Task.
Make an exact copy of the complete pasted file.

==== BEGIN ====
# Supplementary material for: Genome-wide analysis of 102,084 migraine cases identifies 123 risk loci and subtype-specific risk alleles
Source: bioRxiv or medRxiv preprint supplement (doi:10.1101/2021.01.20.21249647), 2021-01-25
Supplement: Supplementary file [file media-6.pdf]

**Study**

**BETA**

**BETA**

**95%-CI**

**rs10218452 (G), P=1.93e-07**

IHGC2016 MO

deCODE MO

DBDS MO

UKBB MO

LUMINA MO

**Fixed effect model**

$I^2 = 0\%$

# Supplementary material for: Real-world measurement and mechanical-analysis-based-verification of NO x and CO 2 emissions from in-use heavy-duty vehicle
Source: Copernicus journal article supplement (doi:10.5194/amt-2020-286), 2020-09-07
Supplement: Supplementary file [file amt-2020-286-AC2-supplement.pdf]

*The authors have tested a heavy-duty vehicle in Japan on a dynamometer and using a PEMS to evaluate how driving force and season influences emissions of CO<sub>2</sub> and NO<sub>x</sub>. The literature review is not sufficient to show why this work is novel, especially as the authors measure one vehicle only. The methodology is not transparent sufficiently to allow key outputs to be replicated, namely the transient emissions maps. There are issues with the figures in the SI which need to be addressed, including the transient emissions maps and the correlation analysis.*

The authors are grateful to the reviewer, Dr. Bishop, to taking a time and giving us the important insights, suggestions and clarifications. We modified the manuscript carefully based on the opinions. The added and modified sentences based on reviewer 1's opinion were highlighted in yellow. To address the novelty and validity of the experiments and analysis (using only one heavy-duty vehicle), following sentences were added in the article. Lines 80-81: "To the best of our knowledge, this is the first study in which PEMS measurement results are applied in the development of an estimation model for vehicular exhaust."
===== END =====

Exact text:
# Supplementary material for: Genome-wide analysis of 102,084 migraine cases identifies 123 risk loci and subtype-specific risk alleles
Source: bioRxiv or medRxiv preprint supplement (doi:10.1101/2021.01.20.21249647), 2021-01-25
Supplement: Supplementary file [file media-6.pdf]

**Study**

**BETA**

**BETA**

**95%-CI**

**rs10218452 (G), P=1.93e-07**

IHGC2016 MO

deCODE MO

DBDS MO

UKBB MO

LUMINA MO

**Fixed effect model**

$I^2 = 0\%$

# Supplementary material for: Real-world measurement and mechanical-analysis-based-verification of NO x and CO 2 emissions from in-use heavy-duty vehicle
Source: Copernicus journal article supplement (doi:10.5194/amt-2020-286), 2020-09-07
Supplement: Supplementary file [file amt-2020-286-AC2-supplement.pdf]

*The authors have tested a heavy-duty vehicle in Japan on a dynamometer and using a PEMS to evaluate how driving force and season influences emissions of CO<sub>2</sub> and NO<sub>x</sub>. The literature review is not sufficient to show why this work is novel, especially as the authors measure one vehicle only. The methodology is not transparent sufficiently to allow key outputs to be replicated, namely the transient emissions maps. There are issues with the figures in the SI which need to be addressed, including the transient emissions maps and the correlation analysis.*

The authors are grateful to the reviewer, Dr. Bishop, to taking a time and giving us the important insights, suggestions and clarifications. We modified the manuscript carefully based on the opinions. The added and modified sentences based on reviewer 1's opinion were highlighted in yellow. To address the novelty and validity of the experiments and analysis (using only one heavy-duty vehicle), following sentences were added in the article. Lines 80-81: "To the best of our knowledge, this is the first study in which PEMS measurement results are applied in the development of an estimation model for vehicular exhaust."